A year after Taksim, Turkey is in flux

Published: May 22, 2014
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The writer is an international lawyer who has worked on human rights and humanitarian law projects in the US, Europe, Asia and Africa

The writer is an international lawyer who has worked on human rights and humanitarian law projects in the US, Europe, Asia and Africa

Next week will mark the one-year anniversary of the Taksim Square protests in Turkey. Demonstrators were originally upset over plans to further urbanise one of Istanbul’s cherished green spaces, but as with other protests that have swept through the Muslim world since 2011, the initial spark soon transformed into a wider referendum on middle-class dissatisfaction with their government.

In Turkey, the ‘government,’ for all intents and purposes, means the strongman Prime Minister Recep Tayyip Erdogan. Rightly credited with bringing a decade of stability and rapidly rising living standards to this gateway country between the West and the rest, Erdogan’s latest antics are making the Istanbul intelligentsia long for meaningful and strictly enforced term limits. While he has pledged to make his third term as prime minister his last — for now — Erdogan is widely expected to stand for Turkey’s first-ever popular elections for the post of president in August 2014. In his apparent desire for political longevity, he is not expected to fade quietly from the spotlight.

However, the Turkish people would be better served if he took a nice, long vacation. Over the past six months, Erdogan’s tenure has been rocked by a series of upheavals that would have felled a lesser politician. In December 2013, corruption allegations were made against several of his inner circle in regards to the awarding of illegal construction permits. January 2014 saw a fistfight break out in Parliament, as MPs from Erdogan’s ruling Justice and Development Party sponsored a bill to tighten government control over the judiciary. February 2014 brought the dissemination of wiretapped conversations allegedly featuring the prime minister and his son, regarding the best way to dispose of large amounts of illicit cash. In March 2014, Erdogan instituted a ban on Twitter, supposedly due to the company’s non-compliance with court orders regarding privacy concerns. Turkey’s constitutional court later overturned it, but commentators noted the suspicious timing of the ban, coming a week before important local elections. Since many mainstream media outlets are owned by conglomerates with ties to the ruling party, Twitter is a uniquely independent source of information for Turkish voters.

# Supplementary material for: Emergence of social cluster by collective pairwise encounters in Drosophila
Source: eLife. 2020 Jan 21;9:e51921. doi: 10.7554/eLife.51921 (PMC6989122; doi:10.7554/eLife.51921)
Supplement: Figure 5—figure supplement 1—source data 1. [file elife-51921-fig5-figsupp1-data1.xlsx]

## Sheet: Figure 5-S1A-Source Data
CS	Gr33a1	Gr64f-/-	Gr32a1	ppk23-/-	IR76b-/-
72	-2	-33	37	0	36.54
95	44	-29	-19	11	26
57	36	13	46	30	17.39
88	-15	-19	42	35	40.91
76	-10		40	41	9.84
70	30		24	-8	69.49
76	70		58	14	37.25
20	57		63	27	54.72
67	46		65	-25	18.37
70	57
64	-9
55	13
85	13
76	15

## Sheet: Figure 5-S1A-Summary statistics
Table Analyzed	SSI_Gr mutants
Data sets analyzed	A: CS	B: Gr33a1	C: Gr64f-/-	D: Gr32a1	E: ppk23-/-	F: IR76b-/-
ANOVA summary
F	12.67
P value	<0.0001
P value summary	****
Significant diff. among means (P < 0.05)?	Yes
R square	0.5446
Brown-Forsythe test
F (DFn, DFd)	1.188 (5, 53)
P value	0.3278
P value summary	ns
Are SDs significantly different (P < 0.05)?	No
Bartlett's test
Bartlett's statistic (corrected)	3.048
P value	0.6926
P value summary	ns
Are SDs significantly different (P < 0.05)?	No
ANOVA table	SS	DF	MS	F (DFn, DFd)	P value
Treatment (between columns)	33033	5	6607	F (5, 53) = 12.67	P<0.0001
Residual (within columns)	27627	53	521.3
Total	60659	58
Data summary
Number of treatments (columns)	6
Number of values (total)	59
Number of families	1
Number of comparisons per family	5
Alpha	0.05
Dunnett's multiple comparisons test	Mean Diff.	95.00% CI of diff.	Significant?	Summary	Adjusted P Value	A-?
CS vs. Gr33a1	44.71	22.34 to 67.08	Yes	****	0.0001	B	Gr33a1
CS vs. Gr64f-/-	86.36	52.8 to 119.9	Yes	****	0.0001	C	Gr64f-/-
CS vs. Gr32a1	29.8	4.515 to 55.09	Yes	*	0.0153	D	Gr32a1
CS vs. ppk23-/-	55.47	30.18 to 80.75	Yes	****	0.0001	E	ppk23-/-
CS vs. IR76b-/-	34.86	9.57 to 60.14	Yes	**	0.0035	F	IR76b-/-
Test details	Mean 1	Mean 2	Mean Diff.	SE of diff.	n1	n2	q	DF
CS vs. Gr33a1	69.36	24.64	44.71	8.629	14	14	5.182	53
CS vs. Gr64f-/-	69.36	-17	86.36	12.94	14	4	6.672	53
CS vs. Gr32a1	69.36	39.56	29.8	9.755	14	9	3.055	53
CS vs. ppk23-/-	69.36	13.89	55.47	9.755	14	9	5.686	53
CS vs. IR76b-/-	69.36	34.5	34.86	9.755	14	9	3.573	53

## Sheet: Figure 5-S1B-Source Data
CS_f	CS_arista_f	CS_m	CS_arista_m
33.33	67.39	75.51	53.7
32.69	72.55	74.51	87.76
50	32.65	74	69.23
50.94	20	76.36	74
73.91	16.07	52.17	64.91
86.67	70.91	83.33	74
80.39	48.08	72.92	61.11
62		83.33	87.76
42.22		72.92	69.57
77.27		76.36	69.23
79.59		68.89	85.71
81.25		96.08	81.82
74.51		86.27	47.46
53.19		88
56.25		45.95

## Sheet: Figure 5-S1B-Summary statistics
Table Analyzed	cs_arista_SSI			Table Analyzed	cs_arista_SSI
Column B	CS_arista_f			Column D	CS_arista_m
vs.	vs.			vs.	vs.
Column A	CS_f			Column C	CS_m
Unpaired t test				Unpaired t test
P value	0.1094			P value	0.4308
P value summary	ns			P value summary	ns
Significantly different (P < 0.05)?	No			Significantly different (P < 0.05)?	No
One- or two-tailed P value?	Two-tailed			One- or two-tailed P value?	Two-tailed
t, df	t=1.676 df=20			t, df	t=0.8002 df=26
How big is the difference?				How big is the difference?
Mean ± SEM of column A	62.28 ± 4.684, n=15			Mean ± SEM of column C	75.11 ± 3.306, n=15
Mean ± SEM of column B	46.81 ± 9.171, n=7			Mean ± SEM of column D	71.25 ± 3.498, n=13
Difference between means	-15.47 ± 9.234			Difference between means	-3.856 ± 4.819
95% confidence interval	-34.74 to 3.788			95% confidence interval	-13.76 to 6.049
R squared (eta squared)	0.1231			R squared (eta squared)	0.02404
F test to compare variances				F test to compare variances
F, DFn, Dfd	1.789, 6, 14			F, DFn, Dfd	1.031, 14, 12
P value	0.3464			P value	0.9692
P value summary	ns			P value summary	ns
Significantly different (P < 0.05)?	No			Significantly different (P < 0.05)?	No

However, this month may prove the worst yet for Erdogan. First, the European Court of Human Rights (ECHR) handed down a €90 million judgement against Turkey for its invasion of Cyprus in 1974. Erdogan’s Administration has indicated they do not intend to comply with the ruling, although ECHR decisions are binding and there is no appeal, something the Turkish government undoubtedly knows. Nevertheless, the government’s antagonistic response to the ruling was not unexpected, and the received wisdom is that since Turkey is not a member of the European Union and is unlikely to become one any time soon, it is politically expedient for Erdogan to adopt a tough stance.

More challenging by far, though, is the prime minister’s tone deaf response to the Soma mine disaster, in which nearly 300 miners died of carbon monoxide poisoning, the worst industrial accident in Turkey’s history. In a poorly orchestrated visit to meet relatives of the victims, Erdogan cavalierly asserted that mining accidents are “ordinary things” that happen in many industries. Later, one of his aides was filmed kicking an unarmed man who was being held on the ground by security forces, and the prime minister had to seek refuge from angry crowds inside a nearby store.